Cause sponsorship and COVID-19: From the what to the why

Dec 16, 2020
Sponsorship

COVID-19 has had a unique and arguably profound effect on cause sponsorship in the Canadian market. The effects have been immediate and possibly long-lasting. Most notable is the overall compression of the giver and recipient profile.

Market overview

Overall, the trend seems to suggest a downturn in corporate giving. One in five organizations have either suspended operations or stopped charitable donation programs altogether as a direct result of pandemic-related effects on their revenue. In turn, this is impacting recipient revenue by an average of 30% across the space. While actual numbers are down, individual and corporate level interest remains buoyant, particularly as it relates to local and support-based causes, which saw a spike of 200% in a few specific categories.

Interest and a willingness to support charities however is impacted by an ever-growing angst about personal wealth and the financial health and wellbeing of individual households and their immediate families. When polled by IMI, nearly half of polled Canadians indicated that they were concerned about their financial status, with almost a quarter of those surveyed saying that they were severely concerned.

Market compression

The overall effect of COVID-19  is a compression of both the giver and recipient segments. With business, particularly in hard-hit segments such as hospitality, food service, travel and others seeing a critical decline, the number of businesses who are both able and willing to maintain contributions has dramatically shrunk. Some businesses, such as telecommunications, banking, technology and online retail giants are seeing huge growth as people shift activities such as work, study, shopping and socializing from home.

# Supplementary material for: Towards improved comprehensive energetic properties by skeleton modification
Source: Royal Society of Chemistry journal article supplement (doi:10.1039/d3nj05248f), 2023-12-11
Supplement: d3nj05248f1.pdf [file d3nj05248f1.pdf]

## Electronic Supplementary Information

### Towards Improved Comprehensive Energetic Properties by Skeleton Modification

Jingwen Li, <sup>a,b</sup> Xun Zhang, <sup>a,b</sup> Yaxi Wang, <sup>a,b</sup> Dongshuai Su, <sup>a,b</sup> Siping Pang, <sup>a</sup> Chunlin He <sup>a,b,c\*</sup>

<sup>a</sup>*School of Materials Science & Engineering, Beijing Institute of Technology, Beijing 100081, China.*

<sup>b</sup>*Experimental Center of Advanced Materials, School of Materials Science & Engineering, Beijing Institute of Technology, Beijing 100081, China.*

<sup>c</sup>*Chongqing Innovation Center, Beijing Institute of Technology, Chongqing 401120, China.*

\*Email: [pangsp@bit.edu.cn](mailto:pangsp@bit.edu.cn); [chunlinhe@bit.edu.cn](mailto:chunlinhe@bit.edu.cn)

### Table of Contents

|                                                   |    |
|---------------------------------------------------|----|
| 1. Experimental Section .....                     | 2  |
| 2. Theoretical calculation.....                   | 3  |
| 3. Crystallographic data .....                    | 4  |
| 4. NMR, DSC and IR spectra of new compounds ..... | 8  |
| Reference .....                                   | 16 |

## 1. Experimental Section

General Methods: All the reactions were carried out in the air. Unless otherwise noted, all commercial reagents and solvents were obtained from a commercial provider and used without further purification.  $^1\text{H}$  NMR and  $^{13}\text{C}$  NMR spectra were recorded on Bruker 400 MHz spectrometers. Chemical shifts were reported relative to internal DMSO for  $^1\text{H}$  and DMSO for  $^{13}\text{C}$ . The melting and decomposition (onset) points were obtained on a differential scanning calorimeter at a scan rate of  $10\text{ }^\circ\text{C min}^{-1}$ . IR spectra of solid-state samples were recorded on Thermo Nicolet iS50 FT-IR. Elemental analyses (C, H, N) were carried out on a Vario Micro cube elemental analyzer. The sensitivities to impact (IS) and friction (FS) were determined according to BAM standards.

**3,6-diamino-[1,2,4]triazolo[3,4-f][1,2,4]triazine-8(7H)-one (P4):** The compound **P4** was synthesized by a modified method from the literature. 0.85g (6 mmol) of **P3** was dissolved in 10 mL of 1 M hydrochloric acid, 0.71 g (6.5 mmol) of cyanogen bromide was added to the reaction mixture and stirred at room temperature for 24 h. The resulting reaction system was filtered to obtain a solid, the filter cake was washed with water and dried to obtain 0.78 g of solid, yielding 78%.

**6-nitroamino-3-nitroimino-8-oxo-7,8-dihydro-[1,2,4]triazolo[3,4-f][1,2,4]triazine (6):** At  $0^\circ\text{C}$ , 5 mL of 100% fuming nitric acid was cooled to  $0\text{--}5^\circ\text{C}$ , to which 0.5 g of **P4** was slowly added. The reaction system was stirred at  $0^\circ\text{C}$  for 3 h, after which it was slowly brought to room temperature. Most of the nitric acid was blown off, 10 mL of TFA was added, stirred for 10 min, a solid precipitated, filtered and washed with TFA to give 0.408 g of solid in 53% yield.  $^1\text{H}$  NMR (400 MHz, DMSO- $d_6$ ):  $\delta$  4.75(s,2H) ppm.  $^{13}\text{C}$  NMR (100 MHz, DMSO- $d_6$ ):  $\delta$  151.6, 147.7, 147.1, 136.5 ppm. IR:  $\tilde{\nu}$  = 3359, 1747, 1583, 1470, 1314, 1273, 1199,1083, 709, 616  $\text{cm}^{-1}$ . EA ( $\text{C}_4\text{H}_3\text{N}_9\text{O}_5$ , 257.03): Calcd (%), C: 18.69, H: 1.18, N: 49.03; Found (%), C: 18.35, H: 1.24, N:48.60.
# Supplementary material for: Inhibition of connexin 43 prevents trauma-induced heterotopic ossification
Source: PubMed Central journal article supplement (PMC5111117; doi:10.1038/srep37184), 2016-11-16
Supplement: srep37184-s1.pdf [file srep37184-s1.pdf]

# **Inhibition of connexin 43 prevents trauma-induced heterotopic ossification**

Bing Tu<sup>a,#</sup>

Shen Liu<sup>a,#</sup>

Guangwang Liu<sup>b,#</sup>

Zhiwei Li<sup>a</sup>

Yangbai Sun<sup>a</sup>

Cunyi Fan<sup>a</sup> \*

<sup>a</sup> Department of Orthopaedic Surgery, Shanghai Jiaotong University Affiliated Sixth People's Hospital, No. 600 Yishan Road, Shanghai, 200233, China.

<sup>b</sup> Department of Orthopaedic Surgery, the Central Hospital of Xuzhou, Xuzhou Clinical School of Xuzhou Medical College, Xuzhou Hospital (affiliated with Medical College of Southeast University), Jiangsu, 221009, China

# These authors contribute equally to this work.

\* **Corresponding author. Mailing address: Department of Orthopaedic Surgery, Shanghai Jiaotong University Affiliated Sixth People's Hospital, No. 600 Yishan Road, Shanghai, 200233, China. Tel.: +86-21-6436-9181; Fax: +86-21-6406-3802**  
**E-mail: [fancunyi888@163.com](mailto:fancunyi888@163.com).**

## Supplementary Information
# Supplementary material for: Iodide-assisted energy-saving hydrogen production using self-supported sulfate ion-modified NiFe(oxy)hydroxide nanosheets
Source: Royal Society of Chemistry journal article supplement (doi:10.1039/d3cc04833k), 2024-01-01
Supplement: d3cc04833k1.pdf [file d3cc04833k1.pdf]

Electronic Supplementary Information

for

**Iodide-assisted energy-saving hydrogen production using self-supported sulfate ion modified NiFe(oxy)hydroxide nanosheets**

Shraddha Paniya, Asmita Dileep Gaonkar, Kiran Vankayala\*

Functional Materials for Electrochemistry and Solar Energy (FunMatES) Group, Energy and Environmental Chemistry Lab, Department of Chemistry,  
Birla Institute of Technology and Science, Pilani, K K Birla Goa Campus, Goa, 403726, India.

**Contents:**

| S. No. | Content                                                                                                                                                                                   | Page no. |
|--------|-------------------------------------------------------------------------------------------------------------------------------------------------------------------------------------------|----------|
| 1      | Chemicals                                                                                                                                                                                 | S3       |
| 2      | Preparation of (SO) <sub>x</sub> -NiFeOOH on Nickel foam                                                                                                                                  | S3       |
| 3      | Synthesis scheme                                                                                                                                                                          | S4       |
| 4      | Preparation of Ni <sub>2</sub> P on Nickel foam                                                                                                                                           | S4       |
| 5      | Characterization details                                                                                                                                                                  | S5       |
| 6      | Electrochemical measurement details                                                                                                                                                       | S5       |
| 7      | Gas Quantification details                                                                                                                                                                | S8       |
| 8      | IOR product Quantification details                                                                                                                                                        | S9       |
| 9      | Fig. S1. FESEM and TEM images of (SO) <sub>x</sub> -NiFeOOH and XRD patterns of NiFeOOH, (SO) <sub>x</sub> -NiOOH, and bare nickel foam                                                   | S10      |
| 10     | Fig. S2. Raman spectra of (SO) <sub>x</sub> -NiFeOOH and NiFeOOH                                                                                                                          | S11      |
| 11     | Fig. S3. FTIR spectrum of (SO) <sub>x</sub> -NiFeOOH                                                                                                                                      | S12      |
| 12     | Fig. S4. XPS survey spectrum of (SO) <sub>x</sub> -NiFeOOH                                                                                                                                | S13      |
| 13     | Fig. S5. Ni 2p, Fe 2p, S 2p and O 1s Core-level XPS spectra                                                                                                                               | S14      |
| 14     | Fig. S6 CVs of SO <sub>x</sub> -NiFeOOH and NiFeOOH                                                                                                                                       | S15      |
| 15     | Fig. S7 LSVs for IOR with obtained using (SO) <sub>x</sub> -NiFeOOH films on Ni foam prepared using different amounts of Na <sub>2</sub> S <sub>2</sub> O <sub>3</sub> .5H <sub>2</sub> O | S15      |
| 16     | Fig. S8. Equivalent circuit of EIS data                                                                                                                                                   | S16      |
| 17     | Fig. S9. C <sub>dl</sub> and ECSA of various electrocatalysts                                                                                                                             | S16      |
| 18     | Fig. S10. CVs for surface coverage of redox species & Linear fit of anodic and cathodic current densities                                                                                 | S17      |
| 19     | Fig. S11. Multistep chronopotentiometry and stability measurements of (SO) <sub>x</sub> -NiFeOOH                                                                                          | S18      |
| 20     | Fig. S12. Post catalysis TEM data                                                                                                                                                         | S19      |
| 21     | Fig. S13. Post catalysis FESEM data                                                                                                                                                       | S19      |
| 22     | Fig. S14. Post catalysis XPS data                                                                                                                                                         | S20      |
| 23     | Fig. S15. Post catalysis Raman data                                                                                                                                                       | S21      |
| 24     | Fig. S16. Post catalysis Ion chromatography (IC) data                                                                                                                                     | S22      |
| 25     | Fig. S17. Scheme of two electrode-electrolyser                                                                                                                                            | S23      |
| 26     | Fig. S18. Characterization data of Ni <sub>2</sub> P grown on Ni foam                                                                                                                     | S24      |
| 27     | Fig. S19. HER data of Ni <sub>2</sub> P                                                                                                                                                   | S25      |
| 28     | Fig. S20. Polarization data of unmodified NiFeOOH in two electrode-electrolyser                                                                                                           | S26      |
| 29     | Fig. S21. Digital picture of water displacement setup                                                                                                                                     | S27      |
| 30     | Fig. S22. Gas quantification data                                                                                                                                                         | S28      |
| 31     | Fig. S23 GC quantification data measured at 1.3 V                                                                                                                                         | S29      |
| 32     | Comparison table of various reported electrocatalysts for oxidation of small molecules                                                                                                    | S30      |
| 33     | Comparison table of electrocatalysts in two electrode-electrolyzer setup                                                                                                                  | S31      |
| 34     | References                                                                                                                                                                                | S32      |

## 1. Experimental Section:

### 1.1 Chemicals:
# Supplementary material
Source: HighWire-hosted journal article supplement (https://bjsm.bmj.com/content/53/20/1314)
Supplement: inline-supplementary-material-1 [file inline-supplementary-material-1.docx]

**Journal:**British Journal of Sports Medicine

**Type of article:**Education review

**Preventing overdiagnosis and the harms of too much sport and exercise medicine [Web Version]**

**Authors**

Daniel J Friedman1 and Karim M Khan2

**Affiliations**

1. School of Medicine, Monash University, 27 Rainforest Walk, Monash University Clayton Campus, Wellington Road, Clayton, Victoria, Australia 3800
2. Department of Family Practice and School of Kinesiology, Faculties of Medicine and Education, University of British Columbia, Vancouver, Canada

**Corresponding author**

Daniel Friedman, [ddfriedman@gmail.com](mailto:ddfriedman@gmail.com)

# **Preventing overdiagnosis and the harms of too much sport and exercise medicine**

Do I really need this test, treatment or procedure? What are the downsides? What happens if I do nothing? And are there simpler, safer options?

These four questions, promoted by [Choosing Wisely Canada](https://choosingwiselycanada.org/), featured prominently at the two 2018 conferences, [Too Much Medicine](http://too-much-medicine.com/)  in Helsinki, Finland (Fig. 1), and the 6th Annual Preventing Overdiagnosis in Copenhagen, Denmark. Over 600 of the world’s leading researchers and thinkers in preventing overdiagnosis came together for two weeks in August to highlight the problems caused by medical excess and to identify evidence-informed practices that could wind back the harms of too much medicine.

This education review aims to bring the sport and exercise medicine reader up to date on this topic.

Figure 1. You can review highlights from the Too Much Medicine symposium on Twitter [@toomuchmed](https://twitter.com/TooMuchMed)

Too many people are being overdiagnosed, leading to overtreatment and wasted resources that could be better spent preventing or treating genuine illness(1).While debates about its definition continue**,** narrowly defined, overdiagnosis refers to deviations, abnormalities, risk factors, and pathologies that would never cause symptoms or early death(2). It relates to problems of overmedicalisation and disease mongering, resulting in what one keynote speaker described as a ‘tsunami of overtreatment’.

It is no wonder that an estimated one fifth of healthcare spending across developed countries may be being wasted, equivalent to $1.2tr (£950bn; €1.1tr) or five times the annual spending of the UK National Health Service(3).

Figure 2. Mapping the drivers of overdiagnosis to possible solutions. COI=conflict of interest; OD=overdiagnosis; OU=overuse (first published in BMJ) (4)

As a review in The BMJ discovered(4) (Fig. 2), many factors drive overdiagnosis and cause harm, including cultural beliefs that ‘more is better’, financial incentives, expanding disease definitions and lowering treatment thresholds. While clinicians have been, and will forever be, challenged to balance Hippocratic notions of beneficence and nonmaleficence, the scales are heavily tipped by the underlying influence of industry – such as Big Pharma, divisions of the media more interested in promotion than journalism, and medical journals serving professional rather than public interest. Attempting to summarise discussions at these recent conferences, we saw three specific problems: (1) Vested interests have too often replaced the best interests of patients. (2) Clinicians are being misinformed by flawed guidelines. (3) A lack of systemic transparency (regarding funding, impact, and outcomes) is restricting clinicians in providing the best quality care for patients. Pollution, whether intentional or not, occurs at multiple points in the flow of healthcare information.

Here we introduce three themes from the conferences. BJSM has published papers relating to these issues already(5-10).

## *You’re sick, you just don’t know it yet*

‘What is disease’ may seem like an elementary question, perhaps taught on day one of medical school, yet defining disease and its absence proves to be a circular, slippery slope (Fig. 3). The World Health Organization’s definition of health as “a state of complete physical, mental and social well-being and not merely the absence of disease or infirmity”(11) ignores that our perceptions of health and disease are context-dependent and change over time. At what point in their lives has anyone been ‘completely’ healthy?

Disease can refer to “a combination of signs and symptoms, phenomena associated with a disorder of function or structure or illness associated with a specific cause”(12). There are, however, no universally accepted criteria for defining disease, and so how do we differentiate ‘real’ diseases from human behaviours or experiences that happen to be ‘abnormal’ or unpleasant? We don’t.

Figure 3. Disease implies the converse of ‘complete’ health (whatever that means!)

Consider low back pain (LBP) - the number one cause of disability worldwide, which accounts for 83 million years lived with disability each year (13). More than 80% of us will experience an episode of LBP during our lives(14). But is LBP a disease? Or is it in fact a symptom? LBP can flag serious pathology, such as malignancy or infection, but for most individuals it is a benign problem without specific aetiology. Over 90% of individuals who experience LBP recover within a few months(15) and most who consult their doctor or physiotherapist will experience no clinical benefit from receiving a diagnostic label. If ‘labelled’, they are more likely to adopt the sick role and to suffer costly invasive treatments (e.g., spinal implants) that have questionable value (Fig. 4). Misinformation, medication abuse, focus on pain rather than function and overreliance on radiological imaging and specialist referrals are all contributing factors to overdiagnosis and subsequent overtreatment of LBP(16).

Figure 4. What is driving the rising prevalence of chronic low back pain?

Consequently, because of this prosperity, companies who are faring well are investing more into community relations and corporate giving programs as a means to offset any potential backlash against perceived profiteering during the pandemic. For example, Lululemon, which has seen a big uptick in sales as people switch to more comfortable attire while working from home, is investing $75M in community wellness programs.

One of the effects of a compressed giver market is a compressed recipient market. While one can argue that there isn’t necessarily less money to distribute, the reality is that money is in the hands of fewer organizations than before, which means fewer recipients are benefitting. In addition, one can argue that these donors have a preference for larger, more recognizable, more marketing-savvy recipients. With community engagement mandates, the more obvious choice of recipient would be recognized brands with excellent community communication plans already in place. Niche causes may be less likely to receive this support in these instances.

Market reprioritization

With a compressed market, the overall priorities for cause sponsorship are changing. Traditionally, corporate giving was done to improve brand perception, attract new customers and increase employee satisfaction. In the case of more niche charities, often sponsorship was due to an employee or team’s personal association with a particular cause or organization. As giver mandates change to reflect communications and perception needs, so too does the reasoning behind activities. More prominent are needs that address brand perception over and above things like customer attraction or employee satisfaction. While the latter doesn’t necessarily become moot, we would argue that they are deprioritized. Consequently, recipients are discovering a need to pivot their donor benefits and messaging to reflect this type of mandate.